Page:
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THE DEATH OF SAMANTHA RUNNION

Some Murdered Kids Get More Attention

News analysis: Race and class may play role, but some insist Samantha's story merits coverage as parent's 'worst nightmare.'

July 20, 2002|REED JOHNSON and ELIZABETH JENSEN | TIMES STAFF WRITERS

More than anything, some journalism and missing-child experts say, it was the brutal and haunting details of Samantha Runnion's abduction and killing that made her case an overnight media sensation.

There was the brazen nature of the kidnapping, in broad daylight on a quiet Orange County street. Then the discovery of the 5-year-old girl's body by a hiker in the Cleveland National Forest, his anguish captured on a 911 tape and played over and over on television. The sheriff issued an unusual warning that a child killer was on the loose and could strike again soon. And finally, Samantha's killer, police said, had sexually assaulted and asphyxiated the girl, then tauntingly left her displayed in the open as a "calling card." Even her kicking and screaming hadn't been enough to deter her assailant. Parents across the country wondered helplessly: What more can we do to protect our children?

"I hate this expression on television," said Jerry Nachman, an MSNBC host, but "you have every parent's worst nightmare. This is not a kid who didn't understand the rules, [but] one who is sitting on the wall outside her house with a playmate and gets snatched by a guy, dragged away from her home kicking and screaming, is sexually abused and suffocated to death. How much of a reach is it to call that a story?"

But the prominent coverage given Samantha's case contrasts sharply with all but a handful of other recent incidents of missing and murdered children across the country. On Friday, as detectives announced the arrest of 27-year-old Alejandro Avila in connection with the case, some media professionals and other observers said that factors such as ethnicity and economic class also may explain why Samantha's story led national newscasts and captured front-page headlines across the country, while many other recent cases of missing and/or murdered children have not.

"We tend to, in the media, on the national level, place more weight with children who are white, children who come from economic circumstances that are middle or upper level, and we tend to dismiss

(Samantha Runnion fits the profile only partially. The child of a single mother, Erin Runnion, she was from a working-class neighborhood in Stanton.)

Since the start of this year, at least five abducted children have garnered varying degrees of national media attention. Besides Samantha, they include Danielle van Dam, snatched from her bedroom in her parents' San Diego home in February (David Westerfield, a neighbor, is on trial for her murder); Alexis Patterson, 7, who disappeared in May after leaving for school in central-city Milwaukee; Elizabeth Smart, 14, who is feared to have been kidnapped at gunpoint from her family's Salt Lake City home June 5; and Jahi Turner, 2, who disappeared in San Diego in April.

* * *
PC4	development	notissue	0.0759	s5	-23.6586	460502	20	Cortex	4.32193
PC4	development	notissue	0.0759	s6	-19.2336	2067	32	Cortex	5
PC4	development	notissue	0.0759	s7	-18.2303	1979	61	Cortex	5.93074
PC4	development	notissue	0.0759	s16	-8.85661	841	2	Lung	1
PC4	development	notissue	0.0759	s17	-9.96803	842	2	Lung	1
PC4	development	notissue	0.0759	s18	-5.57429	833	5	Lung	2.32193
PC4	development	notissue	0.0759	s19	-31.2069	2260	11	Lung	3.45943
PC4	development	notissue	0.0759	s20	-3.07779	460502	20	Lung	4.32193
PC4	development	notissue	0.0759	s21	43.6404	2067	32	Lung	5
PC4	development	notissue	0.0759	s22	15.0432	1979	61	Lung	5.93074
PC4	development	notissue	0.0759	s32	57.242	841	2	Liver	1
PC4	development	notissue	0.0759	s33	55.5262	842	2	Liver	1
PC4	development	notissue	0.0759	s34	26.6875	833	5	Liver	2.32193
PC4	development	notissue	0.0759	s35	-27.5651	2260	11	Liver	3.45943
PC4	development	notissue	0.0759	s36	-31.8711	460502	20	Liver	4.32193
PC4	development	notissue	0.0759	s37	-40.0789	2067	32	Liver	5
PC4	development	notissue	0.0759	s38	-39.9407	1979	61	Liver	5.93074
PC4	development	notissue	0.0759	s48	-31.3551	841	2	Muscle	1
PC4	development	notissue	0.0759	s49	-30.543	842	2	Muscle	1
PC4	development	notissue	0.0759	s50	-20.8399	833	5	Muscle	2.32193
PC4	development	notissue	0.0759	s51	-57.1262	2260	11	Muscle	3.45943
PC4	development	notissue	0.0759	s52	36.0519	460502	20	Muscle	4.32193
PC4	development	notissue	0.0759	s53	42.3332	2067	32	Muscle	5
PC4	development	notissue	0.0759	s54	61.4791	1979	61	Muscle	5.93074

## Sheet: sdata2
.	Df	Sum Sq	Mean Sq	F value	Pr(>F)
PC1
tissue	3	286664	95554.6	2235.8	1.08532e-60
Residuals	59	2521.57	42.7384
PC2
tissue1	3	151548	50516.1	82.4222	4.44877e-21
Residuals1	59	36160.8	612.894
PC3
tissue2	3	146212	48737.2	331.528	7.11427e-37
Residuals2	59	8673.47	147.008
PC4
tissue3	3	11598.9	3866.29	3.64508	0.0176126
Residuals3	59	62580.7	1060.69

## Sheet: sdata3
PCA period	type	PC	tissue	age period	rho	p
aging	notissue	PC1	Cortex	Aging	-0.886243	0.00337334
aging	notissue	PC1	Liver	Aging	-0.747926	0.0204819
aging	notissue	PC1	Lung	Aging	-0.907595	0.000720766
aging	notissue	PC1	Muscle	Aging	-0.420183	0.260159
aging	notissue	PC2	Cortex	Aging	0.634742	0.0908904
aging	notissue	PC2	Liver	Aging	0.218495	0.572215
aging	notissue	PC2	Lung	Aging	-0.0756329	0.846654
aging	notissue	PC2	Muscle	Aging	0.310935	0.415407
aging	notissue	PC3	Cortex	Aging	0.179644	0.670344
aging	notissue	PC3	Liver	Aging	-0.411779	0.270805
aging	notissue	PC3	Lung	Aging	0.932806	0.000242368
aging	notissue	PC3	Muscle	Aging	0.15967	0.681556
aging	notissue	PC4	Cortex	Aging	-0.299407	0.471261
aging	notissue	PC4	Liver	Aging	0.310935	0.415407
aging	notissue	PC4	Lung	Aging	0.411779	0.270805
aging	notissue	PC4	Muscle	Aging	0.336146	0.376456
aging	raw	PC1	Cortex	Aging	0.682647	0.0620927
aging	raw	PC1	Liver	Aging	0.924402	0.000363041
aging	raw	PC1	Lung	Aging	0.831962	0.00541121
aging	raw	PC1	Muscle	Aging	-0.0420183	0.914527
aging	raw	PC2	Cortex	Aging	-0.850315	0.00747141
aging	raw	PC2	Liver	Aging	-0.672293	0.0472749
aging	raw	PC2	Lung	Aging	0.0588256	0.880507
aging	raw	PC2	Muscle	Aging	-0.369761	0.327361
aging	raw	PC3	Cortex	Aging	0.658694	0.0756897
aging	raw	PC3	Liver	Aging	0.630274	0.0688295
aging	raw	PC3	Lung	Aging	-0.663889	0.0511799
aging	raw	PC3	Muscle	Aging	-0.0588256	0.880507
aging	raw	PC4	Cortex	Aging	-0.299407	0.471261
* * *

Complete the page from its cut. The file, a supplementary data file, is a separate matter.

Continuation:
Of the five, Danielle, Elizabeth and Samantha were front-page news across the country, and their cases have been given prominent play in national TV newscasts. It's a mark of the impact of media saturation that even many media executives rattle off the names of Danielle, Samantha and Elizabeth, all of whom were white, and then tack on, "and the girl from Milwaukee"--meaning Patterson, who is African American, as is Turner. Neither case got immediate widespread national attention, which led some to conclude that race and class were at work when news executives were making their coverage decisions.

Nachman disputes that, saying a number of factors in the Patterson case, including confusion about custody, made it a murkier story. "It's different circumstances," he said. But other executives say race and class issues are involved in deciding which cases the media will latch onto out of the several hundred nonfamily-member child kidnappings per year.

"It pains me, as a black man, a black journalist and as a journalist," said Will Sutton, deputy managing editor of the News & Observer in Raleigh, N.C., and former president of the National Assn. of Black Journalists. "Because for me it's a matter of accuracy, balance and fairness as well as completeness."

Sutton said that the News & Observer ran its coverage of the Runnion story inside its A section, as it has done with stories about other recent child victims. "We tend not to put crime stories on the front page and play them up," he said.

Besides journalists, some missing-child experts expressed concern about disproportionate national reporting on stories like Samantha's. "We wish that all the cases had equal coverage," said Nancy McBride, executive director of the National Center for Missing & Exploited Children/Florida in South Palm Beach.

At the same time, she said that Samantha's case was unusually potent psychologically, in part because of the audacity of her attacker. "I think we need more resources devoted to prevention, because even though the numbers are staying somewhat stable, the attempts are more brazen," she said. "And that's very frightening."

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